The Majestic Twelve “Schizophrenology” Review
Published in Blog, Culture Bully. Tags: Album Reviews, Music.
The Majestic Twelve are one of the only bands that will make you rethink the music you’re currently listen to and question why you’re not only not listening to more of the Majestic Twelve, but why you hadn’t listened to them sooner. (That is unless you have heard of the band, in that case the previous statement doesn’t apply to you.) Nonetheless, the band epitomizes, for me at least, the purest sense of the term indie rock ‘n roll. What is that, you might ask? Indie rock (in its purest form, mind you) is something that should be, by nature of the term, independently released, without any form of major distribution or promotion. (Duh.) The rest is all opinion, and as opinion has it, indie rock should be refreshing, and reflect the world around you, whatever world that may be. It should be free of many guiding restraints, musically or otherwise, and come out of nowhere, stabbing you with its majestic beauty. And without a doubt, the key to it is that it shouldn’t take itself too seriously. Schizophrenology helps even the most jaded of listener rediscover music through a seemingly effortless attack on modern rock intellect. How much more indie can you get?
Sorry about all that hipper-than-thou rhetoric, but it often seems like a band can’t fully be accepted unless it meets certain unspoken requirements within certain realms and segmented music communities. The point being, if there was ever a band that I can stand behind — without knowing its full history, but simply on its musical and lyrical merit alone — the Majestic Twelve is that band.
To say that the band’s music is overtly political at times is a slight understatement. “Condoleezza, Check My Posse” name checks friends and ideals from a (stereotypical) right wing conservative viewpoint before breaking down with an a cappella harmonization gracefully overlapping “Ann Coulter… Rush Limbaugh… Sean Hannity… Tucker Carlson… Paul Wolfowitz…” The song finds solace in the simplistics of an upbeat neo-art rock beat while carrying on, and uniquely identifies a way to build lyrical momentum without losing the listener.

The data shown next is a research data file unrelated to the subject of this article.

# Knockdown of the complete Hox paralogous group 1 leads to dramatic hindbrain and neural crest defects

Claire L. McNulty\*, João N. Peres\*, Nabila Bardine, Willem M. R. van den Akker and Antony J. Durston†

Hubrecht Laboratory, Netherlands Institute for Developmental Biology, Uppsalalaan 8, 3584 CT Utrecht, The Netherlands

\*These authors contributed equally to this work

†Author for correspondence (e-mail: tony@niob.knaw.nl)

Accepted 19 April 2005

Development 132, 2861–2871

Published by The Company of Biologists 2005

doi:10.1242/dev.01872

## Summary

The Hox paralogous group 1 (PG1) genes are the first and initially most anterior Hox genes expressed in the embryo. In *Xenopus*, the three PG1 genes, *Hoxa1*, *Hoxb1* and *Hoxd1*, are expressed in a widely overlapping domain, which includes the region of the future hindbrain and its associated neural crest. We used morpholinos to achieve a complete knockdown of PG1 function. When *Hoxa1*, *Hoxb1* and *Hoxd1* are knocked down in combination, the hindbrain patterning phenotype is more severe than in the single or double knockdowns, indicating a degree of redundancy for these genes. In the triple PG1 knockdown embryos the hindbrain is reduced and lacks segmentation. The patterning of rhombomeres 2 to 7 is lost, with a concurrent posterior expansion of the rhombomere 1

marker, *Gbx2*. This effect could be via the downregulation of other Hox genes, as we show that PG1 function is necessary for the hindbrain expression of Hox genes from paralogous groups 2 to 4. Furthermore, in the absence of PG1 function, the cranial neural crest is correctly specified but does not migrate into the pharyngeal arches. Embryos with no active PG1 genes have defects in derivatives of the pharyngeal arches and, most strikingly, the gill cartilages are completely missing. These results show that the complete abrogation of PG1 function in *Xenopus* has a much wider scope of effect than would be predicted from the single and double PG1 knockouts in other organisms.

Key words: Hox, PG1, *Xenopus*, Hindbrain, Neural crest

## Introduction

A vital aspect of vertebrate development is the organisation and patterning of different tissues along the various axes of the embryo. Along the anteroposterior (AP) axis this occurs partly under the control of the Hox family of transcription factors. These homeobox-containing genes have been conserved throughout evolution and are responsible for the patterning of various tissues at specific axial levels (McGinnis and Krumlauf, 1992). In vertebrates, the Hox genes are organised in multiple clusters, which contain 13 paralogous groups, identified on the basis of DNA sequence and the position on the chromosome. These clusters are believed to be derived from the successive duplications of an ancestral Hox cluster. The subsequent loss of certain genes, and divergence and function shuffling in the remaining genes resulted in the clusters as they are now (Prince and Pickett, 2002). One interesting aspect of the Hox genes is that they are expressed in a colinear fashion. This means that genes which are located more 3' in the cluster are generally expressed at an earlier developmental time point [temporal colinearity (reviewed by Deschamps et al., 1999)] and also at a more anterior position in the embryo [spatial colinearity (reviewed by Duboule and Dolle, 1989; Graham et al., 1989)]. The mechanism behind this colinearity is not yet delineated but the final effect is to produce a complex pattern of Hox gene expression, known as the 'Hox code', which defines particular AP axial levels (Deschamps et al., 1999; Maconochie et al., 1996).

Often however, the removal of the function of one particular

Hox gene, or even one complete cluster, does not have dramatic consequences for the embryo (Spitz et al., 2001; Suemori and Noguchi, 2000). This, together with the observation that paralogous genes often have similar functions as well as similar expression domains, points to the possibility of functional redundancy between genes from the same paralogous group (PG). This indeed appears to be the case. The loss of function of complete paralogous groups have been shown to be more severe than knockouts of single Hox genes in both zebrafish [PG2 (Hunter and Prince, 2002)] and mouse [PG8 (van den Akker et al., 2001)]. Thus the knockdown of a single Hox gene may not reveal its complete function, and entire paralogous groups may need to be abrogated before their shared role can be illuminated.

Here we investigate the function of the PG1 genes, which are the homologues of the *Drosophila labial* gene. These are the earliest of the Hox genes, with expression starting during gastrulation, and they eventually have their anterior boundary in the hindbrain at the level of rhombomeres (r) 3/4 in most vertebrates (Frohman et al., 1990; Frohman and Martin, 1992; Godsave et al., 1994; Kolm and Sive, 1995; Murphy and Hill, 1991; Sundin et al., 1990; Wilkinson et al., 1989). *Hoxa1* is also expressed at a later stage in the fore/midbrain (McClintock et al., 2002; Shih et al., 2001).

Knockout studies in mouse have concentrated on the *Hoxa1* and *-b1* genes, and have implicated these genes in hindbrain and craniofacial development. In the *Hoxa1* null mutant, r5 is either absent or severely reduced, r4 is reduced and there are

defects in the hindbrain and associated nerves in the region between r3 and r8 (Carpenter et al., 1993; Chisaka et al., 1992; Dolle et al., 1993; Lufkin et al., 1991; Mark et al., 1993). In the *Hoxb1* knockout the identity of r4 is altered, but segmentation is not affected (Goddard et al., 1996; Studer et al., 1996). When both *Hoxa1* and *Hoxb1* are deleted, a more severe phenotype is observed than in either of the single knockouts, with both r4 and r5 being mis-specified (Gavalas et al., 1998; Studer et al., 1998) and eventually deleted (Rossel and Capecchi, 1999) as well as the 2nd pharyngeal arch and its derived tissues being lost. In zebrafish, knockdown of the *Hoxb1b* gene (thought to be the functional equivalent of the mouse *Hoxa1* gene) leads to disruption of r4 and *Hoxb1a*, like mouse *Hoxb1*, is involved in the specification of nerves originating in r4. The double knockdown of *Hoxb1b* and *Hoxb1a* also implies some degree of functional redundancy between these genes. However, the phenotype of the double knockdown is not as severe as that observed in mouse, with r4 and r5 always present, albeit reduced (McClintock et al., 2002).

The brilliance is that the band doesn’t stick to pointing fingers at any one side or belief, but rather, tries to understand both sides of an argument through “Thank God Everything on TV is a Lie.” “We’ve got to win the war on drugs for the sake of our society / Our future as a global force depends on our sobriety / Pornography corrupts us, it makes us less than pure / And if everyone found Jesus, all those fags would have a cure,” balances a later verse, “There’s no justice in America / Democracy’s a fraud / And you really must be stupid if you think that there’s a God / If you’re straight and white and male you are the lord of the dominion / You were born as an oppressor with no right to an opinion.” The band makes an actual point out of this confrontational lyrical quarrel, which sets it apart from any musical contemporaries, should they exist, “I’m inquisitive and questioning, I’m thinking and I’m free, I’m not one of you, or one of them, I’m one of me, I’m not in either party, Both sides are illegit, I’ve figured out that all of you are completely full of…”
Does the band stand on higher ground with ill contempt for those who disagree or see things differently? Not really. Just as a love song bases love from one’s given perspective on emotion, this album bases many thoughts from the perspective of a political minority, simply stating without blatantly negating other’s beliefs. There are love songs too, though, in case you were wondering.
“Cry” casts an explosive, manic spell in which its characters find themselves in such dire need for each other that they both leave, explaining real emotions and not simply superficial standards. “All the things that she said, I’m so stupid, she’s right, No, I’m right, she’s a bitch, no she’s not, no she isn’t, (I’m still here waiting for you), All the things that she said, I’m so stupid, I want her, I want to destroy her, He breaks down and cries.” The point is how they come to terms with all of this, knowing full well that there is a reciprocal emotion between them, without either being able to say a word.
What’s that, you say? Lyrics based on vibrant emotion colliding with music that truly graces a new age of rock doesn’t intrigue you? Well, the band is funny too — how about that? “Pandora’s Legacy. Marketed by The Majestic Twelve with the help of several trailer parks full of bottle throwing children,” reads the album notes. “Said children are a subsidiary of The Majestic Twelve Corporation.” See what I mean?
Back to that original statement, the band is indie, man… in its purest form. Still don’t believe me? Here’s what the group offers as limitation for sharing the album: “Feel free to burn, upload, iPod, broadcast, bit torrent, download, seed, KaZaa, post, blog, distribute, Limewire and/or pimp this disc.” So, really, there’s no reason not to introduce yourself to the band that you will be shocked to know that you didn’t already love: The Majestic Twelve.
[This post was first published by Culture Bully.]